Luke 22: 36, Jesus sits in the darkened reality of his circumstance and gives space to anger. He feels it intimately. Jesus was an insurrectionist. Sedition was then, as it is now, punishable by extrajudicial killings. Lynching by way of crucifixion would be his sentence and Jesus zealously assures that his disciples are ‘strapped.’ “But now, the one who has a purse must take it, and likewise a bag. And the one who has no sword must sell his cloak and buy one.”
The revelation of God in Jesus here is a depiction of a Savior who sits with sorrow, rather than one who denies the realities of national turmoil and the denigration of personal security. It would be disingenuous to deny Jesus the validation of this moment. There exist a theology and a social reality in this moment of Jesus’ ministry. How will we—in our salvation—respond to it?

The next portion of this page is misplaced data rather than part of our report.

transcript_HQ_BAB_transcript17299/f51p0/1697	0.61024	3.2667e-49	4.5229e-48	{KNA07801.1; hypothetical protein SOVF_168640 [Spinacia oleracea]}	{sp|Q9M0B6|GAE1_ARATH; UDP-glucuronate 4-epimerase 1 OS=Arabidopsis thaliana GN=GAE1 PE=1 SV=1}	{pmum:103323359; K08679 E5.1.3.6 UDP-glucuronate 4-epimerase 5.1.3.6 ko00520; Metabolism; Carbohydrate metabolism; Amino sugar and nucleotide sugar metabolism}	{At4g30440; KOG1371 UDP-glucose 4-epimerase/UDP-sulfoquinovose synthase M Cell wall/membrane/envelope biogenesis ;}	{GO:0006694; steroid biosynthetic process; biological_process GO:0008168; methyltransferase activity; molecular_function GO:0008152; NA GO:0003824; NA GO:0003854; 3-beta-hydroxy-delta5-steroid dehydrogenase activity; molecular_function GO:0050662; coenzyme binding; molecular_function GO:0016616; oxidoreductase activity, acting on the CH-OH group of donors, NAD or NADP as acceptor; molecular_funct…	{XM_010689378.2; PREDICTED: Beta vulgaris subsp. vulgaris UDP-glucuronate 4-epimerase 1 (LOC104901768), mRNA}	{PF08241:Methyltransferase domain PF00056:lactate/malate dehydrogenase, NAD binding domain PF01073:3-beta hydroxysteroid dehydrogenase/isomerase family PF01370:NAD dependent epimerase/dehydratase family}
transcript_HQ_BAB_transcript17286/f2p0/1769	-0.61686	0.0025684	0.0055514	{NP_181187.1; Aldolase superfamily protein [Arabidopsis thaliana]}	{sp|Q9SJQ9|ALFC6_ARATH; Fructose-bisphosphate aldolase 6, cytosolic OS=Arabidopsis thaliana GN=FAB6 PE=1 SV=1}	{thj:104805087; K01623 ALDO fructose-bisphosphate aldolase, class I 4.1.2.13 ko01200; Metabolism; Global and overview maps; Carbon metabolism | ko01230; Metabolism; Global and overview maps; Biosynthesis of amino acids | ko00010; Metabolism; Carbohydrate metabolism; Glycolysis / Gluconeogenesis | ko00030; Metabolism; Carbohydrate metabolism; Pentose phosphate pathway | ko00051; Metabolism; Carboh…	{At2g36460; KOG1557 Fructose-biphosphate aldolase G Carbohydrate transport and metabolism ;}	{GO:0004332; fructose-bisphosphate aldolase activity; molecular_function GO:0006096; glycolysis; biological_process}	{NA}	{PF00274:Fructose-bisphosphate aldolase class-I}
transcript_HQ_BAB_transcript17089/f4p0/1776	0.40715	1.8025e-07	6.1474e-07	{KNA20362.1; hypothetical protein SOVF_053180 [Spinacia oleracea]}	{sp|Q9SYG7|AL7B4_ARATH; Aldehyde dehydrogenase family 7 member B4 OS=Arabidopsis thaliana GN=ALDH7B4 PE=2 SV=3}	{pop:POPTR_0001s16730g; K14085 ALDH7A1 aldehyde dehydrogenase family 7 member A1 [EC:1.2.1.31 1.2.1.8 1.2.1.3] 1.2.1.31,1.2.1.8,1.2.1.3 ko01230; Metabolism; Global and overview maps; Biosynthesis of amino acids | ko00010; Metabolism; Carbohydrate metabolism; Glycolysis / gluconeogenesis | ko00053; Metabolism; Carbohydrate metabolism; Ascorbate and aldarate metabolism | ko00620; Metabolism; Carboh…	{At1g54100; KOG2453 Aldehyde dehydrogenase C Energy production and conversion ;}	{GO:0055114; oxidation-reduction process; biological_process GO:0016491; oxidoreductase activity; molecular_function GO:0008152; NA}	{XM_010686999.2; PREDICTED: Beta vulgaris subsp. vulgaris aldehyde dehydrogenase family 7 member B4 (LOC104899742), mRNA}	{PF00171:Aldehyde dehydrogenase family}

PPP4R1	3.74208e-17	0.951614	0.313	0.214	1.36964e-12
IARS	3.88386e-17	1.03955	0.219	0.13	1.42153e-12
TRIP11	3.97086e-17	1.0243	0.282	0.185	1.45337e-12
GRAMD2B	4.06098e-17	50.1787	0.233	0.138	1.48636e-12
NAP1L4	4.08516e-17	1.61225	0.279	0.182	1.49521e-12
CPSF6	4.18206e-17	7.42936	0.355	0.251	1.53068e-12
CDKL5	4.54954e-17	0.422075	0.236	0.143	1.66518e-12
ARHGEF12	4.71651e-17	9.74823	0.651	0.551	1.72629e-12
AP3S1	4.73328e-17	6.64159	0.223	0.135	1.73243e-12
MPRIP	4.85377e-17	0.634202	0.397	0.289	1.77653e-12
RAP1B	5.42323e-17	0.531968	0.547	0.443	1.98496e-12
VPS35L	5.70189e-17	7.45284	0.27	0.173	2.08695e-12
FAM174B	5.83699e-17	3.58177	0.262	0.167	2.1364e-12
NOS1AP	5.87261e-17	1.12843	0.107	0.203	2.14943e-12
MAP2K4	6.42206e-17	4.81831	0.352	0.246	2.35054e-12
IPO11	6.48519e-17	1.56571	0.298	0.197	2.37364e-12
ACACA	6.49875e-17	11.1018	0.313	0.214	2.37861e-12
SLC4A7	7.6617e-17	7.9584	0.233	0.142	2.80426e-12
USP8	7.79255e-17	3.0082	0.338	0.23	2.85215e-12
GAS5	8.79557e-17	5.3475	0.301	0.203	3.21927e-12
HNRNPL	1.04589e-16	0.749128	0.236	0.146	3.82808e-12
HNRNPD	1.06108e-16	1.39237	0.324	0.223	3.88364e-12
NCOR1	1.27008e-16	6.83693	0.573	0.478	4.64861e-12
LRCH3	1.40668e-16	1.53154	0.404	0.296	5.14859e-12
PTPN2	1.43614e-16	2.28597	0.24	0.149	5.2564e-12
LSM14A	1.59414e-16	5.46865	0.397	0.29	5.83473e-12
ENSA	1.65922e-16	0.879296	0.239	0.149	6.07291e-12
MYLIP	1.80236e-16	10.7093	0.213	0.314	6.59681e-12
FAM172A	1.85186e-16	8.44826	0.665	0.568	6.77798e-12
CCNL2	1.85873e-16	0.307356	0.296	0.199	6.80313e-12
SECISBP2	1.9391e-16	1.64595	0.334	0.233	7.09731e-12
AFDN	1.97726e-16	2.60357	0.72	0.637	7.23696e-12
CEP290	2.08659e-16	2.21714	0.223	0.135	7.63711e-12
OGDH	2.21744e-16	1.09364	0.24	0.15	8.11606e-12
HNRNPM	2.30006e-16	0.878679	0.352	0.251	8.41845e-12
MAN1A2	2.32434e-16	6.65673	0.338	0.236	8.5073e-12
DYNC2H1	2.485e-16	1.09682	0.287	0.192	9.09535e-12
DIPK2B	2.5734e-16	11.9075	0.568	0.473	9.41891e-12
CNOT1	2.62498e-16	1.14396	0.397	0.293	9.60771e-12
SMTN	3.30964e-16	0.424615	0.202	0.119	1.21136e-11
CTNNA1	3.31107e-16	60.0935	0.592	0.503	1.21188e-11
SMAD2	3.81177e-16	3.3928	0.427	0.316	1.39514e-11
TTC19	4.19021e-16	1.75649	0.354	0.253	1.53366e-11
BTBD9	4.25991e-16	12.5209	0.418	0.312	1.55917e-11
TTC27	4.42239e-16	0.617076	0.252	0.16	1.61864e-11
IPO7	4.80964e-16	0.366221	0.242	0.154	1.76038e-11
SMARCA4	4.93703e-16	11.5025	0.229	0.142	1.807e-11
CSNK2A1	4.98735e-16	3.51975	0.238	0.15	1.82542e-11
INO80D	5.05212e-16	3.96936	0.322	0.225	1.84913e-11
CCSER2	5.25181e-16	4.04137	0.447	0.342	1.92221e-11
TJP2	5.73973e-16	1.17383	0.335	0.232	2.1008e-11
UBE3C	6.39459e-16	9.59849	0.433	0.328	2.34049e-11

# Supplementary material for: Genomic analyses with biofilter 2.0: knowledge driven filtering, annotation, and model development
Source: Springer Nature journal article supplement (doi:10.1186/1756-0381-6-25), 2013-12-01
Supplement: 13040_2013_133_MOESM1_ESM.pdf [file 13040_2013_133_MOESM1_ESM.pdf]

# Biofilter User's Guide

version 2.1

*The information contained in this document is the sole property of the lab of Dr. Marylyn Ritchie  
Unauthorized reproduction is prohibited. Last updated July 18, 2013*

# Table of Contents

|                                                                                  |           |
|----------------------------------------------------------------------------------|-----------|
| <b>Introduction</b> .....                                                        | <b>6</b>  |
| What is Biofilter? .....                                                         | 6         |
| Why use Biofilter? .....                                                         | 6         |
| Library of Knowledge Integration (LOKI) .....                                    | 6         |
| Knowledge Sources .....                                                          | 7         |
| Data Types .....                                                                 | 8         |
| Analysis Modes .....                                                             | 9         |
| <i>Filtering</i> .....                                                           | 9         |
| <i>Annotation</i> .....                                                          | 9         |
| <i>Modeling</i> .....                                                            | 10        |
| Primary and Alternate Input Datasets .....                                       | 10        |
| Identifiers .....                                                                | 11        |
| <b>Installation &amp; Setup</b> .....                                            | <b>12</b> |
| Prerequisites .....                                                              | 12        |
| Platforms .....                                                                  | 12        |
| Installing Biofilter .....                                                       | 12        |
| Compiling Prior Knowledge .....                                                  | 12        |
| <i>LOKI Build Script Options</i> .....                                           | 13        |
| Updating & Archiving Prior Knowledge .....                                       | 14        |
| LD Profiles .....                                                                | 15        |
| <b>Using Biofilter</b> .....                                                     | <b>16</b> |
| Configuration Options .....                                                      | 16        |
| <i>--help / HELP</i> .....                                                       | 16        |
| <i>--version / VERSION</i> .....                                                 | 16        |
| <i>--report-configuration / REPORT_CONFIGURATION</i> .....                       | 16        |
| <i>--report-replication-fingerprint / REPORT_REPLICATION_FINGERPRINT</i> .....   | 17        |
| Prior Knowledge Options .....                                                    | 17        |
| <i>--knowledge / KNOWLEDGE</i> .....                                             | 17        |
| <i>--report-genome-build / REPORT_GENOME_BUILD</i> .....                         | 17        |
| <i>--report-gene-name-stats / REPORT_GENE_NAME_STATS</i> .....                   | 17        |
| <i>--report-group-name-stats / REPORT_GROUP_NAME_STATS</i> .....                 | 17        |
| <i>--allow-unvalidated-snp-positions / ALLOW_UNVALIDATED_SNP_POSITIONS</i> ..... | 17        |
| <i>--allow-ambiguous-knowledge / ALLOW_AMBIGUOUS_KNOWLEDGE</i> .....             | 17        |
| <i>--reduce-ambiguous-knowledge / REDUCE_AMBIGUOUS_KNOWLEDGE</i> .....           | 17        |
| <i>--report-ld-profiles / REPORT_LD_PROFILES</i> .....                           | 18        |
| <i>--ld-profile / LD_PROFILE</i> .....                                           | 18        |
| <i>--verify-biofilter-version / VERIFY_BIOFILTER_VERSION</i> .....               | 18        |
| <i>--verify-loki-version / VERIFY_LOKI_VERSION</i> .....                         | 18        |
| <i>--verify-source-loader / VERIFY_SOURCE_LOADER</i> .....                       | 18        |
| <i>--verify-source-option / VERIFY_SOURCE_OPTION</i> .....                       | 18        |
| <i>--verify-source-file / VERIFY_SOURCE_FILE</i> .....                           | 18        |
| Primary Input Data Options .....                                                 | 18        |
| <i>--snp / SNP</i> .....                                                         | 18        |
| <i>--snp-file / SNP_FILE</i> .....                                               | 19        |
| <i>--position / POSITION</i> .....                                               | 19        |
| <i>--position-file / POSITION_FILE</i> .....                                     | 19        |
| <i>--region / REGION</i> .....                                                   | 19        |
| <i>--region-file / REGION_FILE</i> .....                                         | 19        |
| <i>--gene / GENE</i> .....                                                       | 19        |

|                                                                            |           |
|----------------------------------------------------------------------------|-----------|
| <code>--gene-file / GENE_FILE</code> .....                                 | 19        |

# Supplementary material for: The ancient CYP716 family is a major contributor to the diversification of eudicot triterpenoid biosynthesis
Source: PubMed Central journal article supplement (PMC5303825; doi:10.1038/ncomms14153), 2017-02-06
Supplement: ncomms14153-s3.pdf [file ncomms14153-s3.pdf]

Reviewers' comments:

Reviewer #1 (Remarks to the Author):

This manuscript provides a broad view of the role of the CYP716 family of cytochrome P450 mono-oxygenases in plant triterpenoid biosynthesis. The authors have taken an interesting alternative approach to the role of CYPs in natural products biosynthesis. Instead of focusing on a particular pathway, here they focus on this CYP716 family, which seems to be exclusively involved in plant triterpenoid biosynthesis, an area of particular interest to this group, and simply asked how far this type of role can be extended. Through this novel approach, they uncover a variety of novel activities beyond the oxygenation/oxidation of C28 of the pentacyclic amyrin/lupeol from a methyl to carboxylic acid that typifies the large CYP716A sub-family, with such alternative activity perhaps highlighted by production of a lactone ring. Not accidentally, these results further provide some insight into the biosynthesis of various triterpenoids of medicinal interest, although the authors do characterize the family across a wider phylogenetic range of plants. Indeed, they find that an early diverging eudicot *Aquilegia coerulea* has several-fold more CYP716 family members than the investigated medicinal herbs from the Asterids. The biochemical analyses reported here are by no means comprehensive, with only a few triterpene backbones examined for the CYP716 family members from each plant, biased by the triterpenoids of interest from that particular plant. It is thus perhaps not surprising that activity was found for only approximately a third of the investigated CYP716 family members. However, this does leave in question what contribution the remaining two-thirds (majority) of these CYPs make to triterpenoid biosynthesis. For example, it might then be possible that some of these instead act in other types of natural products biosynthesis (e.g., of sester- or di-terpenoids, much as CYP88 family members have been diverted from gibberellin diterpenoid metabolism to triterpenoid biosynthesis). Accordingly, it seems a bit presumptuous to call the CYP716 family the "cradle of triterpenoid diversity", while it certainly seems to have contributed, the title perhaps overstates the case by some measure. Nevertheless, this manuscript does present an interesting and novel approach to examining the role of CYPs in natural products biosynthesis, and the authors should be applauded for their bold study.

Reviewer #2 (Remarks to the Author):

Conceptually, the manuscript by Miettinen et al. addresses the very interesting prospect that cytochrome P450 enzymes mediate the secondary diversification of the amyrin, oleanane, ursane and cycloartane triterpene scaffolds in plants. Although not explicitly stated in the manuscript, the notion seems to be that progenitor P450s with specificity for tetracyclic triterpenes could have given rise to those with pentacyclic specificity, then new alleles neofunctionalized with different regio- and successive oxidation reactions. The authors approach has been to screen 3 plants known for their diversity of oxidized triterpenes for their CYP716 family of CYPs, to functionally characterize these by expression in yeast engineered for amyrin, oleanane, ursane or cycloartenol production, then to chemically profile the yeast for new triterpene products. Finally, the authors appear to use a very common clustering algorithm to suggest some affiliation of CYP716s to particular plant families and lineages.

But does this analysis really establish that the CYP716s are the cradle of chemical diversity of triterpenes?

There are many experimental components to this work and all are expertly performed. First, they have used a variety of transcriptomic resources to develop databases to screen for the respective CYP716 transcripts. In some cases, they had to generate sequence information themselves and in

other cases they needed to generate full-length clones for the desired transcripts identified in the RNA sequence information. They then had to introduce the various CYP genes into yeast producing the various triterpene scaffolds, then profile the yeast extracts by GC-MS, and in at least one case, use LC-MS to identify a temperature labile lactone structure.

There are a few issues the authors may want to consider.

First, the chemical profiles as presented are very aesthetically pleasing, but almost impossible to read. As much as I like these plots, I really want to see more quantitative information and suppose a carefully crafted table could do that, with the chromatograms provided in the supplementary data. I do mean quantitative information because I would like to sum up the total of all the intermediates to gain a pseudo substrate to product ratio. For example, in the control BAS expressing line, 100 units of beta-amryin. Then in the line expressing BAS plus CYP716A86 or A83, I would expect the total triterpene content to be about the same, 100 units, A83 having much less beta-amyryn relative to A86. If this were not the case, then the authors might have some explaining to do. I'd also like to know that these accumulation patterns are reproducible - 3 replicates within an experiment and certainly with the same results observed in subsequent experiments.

Indignant candor is more virtuous than self-deception and denial. Truth be told, I do not wish for God “to wipe every tear from my eyes.” I choose to sit with them, to value the convoluted place in me, out of where they’ve come. It is a real place, and a sacred space because God lives there. God’s divine occupation justifies my rage. Jesus’ provocations of corrupt partisan government validates my own. I will not downplay the gravity of my truth, nor will I resist the arresting conviction of my heart. I am angry and I will not be silent. Amen.
Hassan Xavier Henderson-Lott is a recent graduate from Morehouse College, Atlanta, Georgia, where he earned a Bachelor of Art in Religion. In the fall, Hassan will begin the master of Divinity program at Union Theological Seminary in New York City.